We were famished by the time we got to Murano and totally devoured some pizza before strolling around the little island. We meandered through shops and would have enjoyed them more if we’d not been so focused on trying not to sneeze or make any sudden movements for fear of breaking any of the incredibly intricate glass objects on the shelves and having to sell our home to pay for the damage.


We made our way over to Burano, which was just as darling as we’d heard it would be! The colorful little buildings with laundry hanging on the line were so picturesque. We grabbed a gelato, took pictures, admired ladies crafting beautiful Burano lace and soaked in the sunshine before taking the bus back to Venice.

Get Your Gondola On

We had to. Is it expensive? Yes. Worth it? ABSOLUTELY! Gliding through the dark water of those back alleyways and under bridges was like the Pirates of the Caribbean ride in real life. By far one of our favorite parts of the trip! Our friend advised us to hire a gondolier in the small alleyways and canals far away from the grand canal in order to have a more authentic experience. We talked to a few different gondoliers and asked them what their route was before choosing our ride. Find someone personable and nice! It costs about 80 Euros before 6:00 pm, and €100 or more after 6:00, and you have to pay your gondolier in cash! Just MAGICAL!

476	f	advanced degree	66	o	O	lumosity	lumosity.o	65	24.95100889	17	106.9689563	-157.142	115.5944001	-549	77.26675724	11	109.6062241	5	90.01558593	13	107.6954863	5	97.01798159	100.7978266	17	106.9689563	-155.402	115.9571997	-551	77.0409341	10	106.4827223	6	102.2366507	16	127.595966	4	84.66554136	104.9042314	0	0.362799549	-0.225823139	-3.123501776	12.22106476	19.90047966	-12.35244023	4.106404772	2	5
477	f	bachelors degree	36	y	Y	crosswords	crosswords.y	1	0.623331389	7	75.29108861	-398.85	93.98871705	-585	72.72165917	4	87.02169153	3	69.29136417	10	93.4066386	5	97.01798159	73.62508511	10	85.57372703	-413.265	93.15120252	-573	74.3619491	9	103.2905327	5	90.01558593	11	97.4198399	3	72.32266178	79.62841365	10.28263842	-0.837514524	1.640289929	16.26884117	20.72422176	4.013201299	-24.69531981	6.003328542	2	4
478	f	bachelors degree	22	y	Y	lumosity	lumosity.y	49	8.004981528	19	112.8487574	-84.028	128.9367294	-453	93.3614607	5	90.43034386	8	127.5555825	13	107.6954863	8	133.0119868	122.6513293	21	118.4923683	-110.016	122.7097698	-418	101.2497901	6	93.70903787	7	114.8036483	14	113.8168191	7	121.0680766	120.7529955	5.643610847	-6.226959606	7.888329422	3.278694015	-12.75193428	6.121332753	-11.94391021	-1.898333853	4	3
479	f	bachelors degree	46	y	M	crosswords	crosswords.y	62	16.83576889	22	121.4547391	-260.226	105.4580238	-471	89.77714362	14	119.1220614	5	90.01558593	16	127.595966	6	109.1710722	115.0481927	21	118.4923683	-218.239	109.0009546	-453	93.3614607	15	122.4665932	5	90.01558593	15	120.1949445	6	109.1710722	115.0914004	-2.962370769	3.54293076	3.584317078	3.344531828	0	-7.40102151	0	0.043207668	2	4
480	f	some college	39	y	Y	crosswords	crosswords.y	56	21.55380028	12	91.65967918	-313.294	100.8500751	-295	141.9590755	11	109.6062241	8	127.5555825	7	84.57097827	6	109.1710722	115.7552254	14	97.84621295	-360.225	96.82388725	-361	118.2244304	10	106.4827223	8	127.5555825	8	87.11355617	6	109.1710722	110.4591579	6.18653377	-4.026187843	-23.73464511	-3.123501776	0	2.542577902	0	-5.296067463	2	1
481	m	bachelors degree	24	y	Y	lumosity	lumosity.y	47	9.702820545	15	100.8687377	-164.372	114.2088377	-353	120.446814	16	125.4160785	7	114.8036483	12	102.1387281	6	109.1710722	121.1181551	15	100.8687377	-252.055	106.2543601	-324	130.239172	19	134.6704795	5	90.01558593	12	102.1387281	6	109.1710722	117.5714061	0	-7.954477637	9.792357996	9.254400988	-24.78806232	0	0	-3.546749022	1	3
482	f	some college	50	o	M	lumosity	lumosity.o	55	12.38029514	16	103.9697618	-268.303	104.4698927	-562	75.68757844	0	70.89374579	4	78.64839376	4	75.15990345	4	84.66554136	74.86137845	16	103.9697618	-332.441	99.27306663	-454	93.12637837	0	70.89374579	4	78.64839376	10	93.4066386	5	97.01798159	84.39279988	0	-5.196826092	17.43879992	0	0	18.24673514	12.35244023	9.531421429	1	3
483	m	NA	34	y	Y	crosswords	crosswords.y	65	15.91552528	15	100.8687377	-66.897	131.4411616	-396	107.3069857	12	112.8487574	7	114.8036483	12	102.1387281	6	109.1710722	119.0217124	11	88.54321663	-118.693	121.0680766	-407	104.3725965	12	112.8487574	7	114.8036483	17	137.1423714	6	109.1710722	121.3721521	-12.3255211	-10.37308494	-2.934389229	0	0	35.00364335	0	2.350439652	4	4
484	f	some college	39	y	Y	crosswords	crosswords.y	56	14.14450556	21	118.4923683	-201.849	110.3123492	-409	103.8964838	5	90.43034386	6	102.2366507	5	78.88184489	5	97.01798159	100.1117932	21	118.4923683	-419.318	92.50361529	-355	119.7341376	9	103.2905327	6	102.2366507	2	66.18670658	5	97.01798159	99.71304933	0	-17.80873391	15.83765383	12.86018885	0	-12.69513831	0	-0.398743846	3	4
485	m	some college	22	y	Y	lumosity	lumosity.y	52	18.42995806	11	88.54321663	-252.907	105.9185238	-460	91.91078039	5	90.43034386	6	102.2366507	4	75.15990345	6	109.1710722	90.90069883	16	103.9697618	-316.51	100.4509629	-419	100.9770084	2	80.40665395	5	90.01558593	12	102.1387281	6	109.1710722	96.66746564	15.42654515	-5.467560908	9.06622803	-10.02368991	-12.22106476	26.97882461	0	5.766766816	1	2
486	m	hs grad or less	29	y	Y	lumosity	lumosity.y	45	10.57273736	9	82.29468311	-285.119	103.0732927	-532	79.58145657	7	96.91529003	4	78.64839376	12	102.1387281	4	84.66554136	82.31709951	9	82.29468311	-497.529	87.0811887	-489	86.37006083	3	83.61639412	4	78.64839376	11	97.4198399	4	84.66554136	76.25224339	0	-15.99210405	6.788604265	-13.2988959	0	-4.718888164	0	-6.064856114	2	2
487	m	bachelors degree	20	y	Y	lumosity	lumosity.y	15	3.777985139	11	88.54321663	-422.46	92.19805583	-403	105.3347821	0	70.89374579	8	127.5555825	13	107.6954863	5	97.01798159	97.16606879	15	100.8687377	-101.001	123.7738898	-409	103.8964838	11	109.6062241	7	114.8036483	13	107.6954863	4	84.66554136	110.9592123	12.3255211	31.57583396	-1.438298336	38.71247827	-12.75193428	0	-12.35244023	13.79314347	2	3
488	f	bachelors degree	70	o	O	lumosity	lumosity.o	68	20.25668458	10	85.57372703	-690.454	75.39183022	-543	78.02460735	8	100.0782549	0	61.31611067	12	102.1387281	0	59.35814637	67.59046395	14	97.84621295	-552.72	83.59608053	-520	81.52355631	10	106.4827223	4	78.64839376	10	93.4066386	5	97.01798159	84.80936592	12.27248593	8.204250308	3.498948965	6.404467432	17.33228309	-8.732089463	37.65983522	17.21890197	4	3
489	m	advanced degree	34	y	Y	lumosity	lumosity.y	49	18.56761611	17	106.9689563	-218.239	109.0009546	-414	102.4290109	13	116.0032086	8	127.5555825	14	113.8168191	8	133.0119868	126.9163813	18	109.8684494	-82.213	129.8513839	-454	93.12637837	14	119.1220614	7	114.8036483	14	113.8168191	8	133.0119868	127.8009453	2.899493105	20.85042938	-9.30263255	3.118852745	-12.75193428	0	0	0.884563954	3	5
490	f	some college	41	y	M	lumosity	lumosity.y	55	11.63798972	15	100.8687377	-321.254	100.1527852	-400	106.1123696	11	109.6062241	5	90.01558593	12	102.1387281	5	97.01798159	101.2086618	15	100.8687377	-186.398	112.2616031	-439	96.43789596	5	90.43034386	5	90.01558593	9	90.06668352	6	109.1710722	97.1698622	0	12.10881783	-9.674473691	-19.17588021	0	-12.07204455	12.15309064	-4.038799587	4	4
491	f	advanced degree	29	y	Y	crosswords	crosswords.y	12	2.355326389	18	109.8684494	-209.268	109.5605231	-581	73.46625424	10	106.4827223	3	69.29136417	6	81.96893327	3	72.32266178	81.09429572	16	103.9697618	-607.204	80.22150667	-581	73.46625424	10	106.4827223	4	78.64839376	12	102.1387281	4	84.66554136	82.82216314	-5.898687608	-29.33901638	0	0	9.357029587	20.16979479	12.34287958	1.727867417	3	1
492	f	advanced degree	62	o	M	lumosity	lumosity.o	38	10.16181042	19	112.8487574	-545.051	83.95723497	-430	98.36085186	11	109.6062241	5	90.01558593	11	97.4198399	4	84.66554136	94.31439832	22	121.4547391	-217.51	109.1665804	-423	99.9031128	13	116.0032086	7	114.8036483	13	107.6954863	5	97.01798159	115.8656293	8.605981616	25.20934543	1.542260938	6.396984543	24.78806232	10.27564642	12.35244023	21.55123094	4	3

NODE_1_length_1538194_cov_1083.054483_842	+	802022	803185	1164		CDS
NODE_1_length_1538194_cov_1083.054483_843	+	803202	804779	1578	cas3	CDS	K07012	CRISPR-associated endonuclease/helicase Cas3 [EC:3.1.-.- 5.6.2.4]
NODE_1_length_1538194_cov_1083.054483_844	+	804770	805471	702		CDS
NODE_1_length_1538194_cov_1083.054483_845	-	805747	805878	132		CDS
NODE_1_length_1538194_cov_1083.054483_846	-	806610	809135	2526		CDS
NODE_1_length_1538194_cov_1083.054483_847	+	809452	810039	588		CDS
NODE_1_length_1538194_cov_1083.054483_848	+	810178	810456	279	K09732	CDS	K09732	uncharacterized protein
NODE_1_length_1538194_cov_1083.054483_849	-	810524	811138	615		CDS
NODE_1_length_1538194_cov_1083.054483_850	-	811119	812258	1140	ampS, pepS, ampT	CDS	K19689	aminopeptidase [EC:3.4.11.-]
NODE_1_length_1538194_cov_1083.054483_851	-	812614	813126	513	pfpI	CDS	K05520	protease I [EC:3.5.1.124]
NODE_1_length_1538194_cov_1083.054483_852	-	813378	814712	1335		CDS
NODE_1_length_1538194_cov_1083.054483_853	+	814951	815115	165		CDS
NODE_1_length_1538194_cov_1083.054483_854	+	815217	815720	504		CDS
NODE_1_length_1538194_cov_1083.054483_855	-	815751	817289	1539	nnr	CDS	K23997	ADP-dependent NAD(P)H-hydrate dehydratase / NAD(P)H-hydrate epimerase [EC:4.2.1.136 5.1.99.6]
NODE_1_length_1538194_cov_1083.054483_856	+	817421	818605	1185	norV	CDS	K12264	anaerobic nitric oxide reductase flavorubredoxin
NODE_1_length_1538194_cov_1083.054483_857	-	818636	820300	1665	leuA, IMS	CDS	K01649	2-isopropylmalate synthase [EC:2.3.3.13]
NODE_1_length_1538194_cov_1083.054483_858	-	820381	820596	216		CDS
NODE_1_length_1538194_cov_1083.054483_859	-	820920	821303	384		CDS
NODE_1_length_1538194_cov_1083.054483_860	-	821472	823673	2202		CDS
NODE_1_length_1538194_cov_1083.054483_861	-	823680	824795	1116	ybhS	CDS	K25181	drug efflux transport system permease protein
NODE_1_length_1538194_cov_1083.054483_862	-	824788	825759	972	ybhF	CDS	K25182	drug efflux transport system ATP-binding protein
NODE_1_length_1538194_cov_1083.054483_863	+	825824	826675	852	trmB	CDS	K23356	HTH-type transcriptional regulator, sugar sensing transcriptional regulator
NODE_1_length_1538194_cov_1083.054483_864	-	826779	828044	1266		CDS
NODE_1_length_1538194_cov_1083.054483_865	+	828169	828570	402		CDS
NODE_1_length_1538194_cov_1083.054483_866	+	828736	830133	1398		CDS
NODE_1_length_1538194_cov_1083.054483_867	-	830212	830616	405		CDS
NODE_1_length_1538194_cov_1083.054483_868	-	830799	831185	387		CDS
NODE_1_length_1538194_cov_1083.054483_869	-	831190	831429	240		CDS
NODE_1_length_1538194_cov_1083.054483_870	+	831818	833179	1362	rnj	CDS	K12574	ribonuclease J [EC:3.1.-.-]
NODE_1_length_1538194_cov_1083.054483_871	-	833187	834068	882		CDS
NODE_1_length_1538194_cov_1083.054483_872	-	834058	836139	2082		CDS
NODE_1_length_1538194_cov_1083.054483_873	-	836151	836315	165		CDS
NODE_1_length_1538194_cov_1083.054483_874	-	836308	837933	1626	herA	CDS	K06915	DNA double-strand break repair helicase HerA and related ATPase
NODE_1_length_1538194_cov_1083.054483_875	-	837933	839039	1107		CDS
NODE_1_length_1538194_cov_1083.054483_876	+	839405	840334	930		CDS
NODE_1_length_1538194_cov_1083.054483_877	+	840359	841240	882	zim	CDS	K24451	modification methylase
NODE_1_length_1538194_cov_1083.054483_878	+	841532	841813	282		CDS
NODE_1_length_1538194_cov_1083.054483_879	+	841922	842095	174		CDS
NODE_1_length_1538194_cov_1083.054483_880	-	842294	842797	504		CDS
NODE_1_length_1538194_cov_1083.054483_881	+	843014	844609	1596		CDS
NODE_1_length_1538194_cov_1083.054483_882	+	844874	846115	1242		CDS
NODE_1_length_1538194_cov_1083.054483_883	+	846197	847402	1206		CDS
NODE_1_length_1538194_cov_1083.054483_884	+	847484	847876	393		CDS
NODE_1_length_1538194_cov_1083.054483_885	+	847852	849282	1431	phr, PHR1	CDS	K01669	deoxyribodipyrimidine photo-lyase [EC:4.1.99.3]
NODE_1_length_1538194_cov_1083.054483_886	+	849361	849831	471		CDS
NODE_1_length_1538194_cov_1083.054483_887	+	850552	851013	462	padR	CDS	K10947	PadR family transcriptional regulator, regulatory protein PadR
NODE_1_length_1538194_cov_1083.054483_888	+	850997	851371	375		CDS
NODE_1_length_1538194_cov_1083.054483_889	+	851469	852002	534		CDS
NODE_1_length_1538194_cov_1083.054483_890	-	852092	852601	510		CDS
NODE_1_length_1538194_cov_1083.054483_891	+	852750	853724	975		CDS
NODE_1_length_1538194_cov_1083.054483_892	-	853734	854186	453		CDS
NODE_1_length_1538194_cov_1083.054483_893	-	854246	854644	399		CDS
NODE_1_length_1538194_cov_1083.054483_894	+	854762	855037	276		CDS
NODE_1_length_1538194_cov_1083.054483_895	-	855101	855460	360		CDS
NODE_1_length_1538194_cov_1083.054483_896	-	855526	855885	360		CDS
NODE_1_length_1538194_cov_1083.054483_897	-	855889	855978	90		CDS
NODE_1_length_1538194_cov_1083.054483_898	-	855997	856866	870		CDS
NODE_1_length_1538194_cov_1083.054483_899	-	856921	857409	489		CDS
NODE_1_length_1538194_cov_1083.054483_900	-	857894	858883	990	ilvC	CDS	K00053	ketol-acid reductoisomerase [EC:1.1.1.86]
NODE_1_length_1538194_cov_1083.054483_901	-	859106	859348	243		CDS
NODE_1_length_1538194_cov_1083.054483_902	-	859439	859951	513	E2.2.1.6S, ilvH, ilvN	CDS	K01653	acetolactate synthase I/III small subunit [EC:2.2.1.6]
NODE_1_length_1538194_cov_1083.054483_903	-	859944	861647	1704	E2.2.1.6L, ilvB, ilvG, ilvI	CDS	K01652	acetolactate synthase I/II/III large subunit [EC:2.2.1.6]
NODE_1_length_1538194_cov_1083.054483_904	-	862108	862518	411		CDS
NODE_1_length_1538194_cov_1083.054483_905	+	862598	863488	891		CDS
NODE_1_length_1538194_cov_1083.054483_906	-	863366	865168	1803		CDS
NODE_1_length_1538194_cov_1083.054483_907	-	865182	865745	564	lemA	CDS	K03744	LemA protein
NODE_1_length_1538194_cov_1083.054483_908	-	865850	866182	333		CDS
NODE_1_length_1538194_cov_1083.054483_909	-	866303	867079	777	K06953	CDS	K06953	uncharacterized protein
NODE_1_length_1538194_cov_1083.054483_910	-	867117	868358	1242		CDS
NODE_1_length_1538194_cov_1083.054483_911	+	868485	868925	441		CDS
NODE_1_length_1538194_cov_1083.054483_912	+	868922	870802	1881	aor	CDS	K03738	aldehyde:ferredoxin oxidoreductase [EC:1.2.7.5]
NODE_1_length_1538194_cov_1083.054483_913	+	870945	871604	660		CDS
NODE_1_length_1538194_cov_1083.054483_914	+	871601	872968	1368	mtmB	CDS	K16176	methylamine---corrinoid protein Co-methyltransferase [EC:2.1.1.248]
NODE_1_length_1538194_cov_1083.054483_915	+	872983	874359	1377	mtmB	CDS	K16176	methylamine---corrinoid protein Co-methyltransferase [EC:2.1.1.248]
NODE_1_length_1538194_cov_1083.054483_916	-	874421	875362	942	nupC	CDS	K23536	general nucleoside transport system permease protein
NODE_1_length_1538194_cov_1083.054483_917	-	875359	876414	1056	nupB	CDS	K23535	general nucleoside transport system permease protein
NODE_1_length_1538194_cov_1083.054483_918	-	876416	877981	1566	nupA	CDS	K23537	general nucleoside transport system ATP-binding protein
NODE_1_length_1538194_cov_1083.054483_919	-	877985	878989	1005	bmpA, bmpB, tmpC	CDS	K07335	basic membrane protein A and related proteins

Ponte de Rialto:

Another spot you can’t miss is the beautiful Rialto Bridge! It’s one of the oldest bridges in Venice, and the view of the Grand Canal is spectacular. It was so surreal watching the boats buzz by all of the tourist laden gondolas, steered by those iconic gondoliers in their striped shirts. You can also visit the nearby Rialto Market to grab something to eat!

The Bridge of Sighs was also super cool to see and had such an interesting history! You can walk across it as part of the tour of the Doge’s Palace.

San Marco Square:

While in Venice you have to experience the magic of St. Mark’s Square! You can visit the Basilica di San Marco, feed some pigeons, and take the elevator to the top of Campanile di San Marco – the tower across from the church for an amazing view of Venice from above! It cost us about €8 and we did it in the evening, so there was no line! I’d recommend going really early in the morning as well as at night to see the square. It is just SO BUSY midday, but once the tourist boats have jetted off, you can listen to live bands playing at the restaurants on the square and enjoy the romance!

I also had my favorite chocolate gelato on the trip at Venchi. That place is a chocolate lover’s DREAM! I loved their “cuor di cacao” flavor and we bought chocolate to take home with us!

Though we’ve heard mixed reviews about visiting Venice and complaints about it being too “touristy”, I found it to be just as amazing as I’d hoped it would be! Sure, during the day it gets pretty crowded, but if you’ve ever been to Disneyland it really doesn’t feel too different. Exploring in the early morning and evening hours you feel transported back in time to an era of palaces and balls, magic and mystery!

Wondering which other cities in Italy to visit? Be sure to read my guides to Rome and Florence & Tuscany for more!

This post was originally published on Sisters & Sage in 2018.